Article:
Italy’s ‘zombie banks’ could trigger the next Euro crisis
Investors are braced for another bout of turbulence on global markets ahead of the release of special reports on the financial health of Italy’s ailing banking sector.
On Friday evening (AEST), the European Banking Authority will publish the findings of its financial stress-testing of 50 banks in the European Union, including Italy’s five largest banks that account for more than 80 per cent of lending in the country.
The results are almost certain to confirm that one or more of Italy’s leading banks are on the brink of collapse, and could trigger another bailout crisis for the European Union.
Italy’s economy is barely recovering from a five-year depression that has put more than one-third of young adults on the dole, and severely stretched households and small businesses to meet loan repayments.
The depth of the crisis in Italy is represented on the balance sheets of the country’s big banks, which are collectively sitting on €360 billion ($A529 billion) of loan assets that borrowers have stopped repaying.
Most bank analysts are now coming to terms with the fact that the great bulk of these loans will never be repaid because the borrowers, in most cases, have been declared insolvent.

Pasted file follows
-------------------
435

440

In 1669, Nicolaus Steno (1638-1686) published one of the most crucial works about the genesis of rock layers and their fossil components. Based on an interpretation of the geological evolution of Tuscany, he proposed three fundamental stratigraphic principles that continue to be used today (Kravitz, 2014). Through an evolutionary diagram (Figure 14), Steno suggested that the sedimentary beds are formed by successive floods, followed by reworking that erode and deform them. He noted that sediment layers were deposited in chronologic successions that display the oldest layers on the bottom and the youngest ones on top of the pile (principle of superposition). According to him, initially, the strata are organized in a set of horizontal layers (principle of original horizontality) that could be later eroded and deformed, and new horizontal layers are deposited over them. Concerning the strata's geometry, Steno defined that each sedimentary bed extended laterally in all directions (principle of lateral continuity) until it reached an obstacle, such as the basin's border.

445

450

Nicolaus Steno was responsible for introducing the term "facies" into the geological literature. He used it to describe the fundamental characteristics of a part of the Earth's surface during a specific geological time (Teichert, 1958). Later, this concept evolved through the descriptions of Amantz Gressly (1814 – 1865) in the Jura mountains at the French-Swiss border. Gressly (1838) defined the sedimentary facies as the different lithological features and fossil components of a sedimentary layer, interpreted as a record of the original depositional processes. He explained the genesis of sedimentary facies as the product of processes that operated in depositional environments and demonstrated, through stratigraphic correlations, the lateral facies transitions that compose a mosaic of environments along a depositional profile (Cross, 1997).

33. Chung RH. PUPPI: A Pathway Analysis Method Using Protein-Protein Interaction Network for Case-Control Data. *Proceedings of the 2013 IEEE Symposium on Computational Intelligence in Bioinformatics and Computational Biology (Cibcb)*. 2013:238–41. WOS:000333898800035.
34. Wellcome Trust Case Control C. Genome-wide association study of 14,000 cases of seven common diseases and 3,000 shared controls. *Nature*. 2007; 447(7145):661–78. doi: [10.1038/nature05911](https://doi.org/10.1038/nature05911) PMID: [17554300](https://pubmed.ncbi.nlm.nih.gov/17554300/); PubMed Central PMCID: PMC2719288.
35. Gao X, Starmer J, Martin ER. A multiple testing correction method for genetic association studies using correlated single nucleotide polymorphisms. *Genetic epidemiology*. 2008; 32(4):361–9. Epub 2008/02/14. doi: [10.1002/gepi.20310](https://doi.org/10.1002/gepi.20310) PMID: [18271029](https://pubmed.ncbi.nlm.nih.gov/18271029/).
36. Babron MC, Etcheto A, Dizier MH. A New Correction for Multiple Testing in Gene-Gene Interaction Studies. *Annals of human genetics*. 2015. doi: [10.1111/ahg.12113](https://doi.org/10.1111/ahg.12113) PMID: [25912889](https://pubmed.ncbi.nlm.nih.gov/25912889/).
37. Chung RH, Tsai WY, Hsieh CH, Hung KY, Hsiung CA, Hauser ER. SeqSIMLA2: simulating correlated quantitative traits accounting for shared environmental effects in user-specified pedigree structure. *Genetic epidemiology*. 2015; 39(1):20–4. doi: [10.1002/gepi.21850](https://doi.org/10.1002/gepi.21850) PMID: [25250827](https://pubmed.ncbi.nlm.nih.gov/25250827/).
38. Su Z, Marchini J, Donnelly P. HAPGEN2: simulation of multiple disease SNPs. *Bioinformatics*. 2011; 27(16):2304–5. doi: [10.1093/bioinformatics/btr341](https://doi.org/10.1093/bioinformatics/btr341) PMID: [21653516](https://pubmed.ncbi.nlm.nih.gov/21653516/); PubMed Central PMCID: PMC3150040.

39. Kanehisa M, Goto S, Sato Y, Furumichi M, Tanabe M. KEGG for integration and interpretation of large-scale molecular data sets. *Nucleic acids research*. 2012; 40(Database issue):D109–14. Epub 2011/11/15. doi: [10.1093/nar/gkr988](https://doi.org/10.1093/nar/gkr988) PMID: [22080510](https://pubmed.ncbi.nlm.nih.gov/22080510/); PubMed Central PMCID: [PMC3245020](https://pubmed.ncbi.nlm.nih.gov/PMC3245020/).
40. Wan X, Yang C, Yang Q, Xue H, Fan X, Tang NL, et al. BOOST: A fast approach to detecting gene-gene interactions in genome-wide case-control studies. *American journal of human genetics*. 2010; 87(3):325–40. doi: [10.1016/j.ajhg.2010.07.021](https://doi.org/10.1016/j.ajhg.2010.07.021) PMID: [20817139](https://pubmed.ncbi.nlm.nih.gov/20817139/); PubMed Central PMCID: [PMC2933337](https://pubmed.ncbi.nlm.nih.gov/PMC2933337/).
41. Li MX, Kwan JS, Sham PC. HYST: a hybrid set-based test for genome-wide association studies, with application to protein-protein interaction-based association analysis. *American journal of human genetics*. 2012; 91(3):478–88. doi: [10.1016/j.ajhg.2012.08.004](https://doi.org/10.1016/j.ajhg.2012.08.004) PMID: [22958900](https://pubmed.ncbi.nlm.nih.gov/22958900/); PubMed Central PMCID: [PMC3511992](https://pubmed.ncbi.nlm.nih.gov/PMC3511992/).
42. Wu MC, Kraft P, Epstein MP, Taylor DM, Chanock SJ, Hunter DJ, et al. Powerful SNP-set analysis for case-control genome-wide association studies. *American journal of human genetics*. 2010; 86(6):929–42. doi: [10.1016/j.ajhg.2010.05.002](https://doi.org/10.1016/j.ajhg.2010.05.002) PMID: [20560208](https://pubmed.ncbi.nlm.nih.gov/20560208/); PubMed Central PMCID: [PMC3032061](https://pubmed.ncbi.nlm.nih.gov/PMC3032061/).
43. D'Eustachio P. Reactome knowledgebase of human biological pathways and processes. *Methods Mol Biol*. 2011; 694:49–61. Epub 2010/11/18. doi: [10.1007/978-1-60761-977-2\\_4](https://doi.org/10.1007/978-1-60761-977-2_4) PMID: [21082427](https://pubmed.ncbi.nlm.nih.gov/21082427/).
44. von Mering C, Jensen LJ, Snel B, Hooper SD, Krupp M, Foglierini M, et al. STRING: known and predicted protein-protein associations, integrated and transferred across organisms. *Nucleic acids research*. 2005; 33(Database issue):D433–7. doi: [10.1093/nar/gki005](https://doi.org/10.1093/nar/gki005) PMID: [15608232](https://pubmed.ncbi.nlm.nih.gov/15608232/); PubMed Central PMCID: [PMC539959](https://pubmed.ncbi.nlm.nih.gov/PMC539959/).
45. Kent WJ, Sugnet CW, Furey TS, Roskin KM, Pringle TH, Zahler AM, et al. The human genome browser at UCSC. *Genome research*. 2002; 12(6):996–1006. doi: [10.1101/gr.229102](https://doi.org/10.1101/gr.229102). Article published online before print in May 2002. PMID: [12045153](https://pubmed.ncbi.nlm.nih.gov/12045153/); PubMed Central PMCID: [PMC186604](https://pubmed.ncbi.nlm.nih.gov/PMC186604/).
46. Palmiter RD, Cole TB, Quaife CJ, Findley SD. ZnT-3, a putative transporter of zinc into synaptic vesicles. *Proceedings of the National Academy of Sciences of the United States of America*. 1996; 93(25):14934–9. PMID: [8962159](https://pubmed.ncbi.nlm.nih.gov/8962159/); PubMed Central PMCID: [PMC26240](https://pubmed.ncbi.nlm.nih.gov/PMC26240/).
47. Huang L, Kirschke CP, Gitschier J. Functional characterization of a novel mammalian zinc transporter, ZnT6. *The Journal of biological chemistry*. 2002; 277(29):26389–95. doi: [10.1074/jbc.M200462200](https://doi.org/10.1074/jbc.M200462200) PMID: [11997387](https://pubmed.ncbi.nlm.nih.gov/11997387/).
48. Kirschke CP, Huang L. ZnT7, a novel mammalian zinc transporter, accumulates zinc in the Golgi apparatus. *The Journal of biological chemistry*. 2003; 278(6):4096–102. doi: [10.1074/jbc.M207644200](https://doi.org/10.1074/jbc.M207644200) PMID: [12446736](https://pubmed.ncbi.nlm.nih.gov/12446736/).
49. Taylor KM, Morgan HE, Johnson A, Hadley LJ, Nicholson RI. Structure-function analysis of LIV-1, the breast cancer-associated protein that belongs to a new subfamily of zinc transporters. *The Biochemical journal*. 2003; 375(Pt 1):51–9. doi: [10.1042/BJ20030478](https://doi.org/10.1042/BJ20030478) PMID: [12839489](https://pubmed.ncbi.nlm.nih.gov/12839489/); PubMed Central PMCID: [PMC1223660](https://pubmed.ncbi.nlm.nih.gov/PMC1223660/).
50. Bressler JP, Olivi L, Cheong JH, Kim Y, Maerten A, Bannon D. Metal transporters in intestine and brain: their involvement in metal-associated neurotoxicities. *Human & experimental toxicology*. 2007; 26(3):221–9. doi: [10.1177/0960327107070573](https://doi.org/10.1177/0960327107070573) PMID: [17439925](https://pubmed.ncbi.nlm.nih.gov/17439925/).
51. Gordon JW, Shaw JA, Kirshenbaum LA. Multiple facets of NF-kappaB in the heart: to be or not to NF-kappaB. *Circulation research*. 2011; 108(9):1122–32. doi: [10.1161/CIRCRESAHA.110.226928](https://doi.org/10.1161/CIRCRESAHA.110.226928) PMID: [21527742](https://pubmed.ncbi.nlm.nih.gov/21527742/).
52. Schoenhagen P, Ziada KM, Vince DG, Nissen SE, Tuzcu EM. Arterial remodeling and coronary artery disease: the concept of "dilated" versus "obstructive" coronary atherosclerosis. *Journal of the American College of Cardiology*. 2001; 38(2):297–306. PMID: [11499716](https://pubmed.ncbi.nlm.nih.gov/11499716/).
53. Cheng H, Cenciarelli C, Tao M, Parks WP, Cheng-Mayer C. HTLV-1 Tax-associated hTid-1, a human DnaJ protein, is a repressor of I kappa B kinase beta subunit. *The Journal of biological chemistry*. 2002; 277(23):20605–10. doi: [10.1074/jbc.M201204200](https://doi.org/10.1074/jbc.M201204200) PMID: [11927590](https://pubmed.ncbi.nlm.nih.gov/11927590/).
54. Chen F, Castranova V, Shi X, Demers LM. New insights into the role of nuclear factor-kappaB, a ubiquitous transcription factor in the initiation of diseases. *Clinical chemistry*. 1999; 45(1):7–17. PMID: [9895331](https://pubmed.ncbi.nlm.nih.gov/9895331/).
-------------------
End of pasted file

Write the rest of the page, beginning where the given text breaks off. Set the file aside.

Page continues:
The world’s oldest bank may now be a ‘zombie’
At the centre of Italy’s banking crisis is the world’s oldest surviving bank – Banca Monte dei Paschi di Siena (BMPS).
Some investors are now suggesting that BMPS may be Europe’s next ‘zombie bank’.
This term “zombie’ is used to describe a bank which in economic terms is worthless but continues to trade because it has an implicit government guarantee.
Founded in 1472, BMPS is Italy’s third-largest commercial bank with alleged assets of €160 billion.
It is a cornerstone of the Italian banking system and is recognised by European regulators as “a systemically important” institution.
Like most other Italian banks, shares of BMPS have been pummelled this year as it became increasingly clear that it would be forced by regulators to write off billions worth of loans.
For many years, BMPS and other Italian banks have not written off loans made to insolvent borrowers because it would have required them to raise more capital to satisfy regulators.
Banks raise capital by selling assets or issuing more shares to investors.
However, this is now problematic for even longstanding companies such as BMPS because demand for Italian banking-related assets and shares has dried up.
Why Friday is important
When it last released a balance sheet, BMPS reported that around €46 billion of its loans were non-performing.
This means that more than one quarter of all of its loans were not being repaid by borrowers.
In June, the European Central Bank warned BMPS that its trading position would become untenable unless it moved swiftly to move bad loans from its balance sheet.
In recent weeks, demand from other banks and investors for troubled loan portfolios has withered and BMPS’s share price has tanked.
The bank is now in big trouble and desperately needs to find more cash to maintain the confidence of European regulators.
Most of the financial world knows it can’t raise money using the orthodox methods of stable banks.
So, it’s now crunch time – for Italian and European taxpayers.
Publication of the regulatory stress-testing of BMPS and other troubled Italian banks should reveal whether Europe has another bailout emergency to deal with.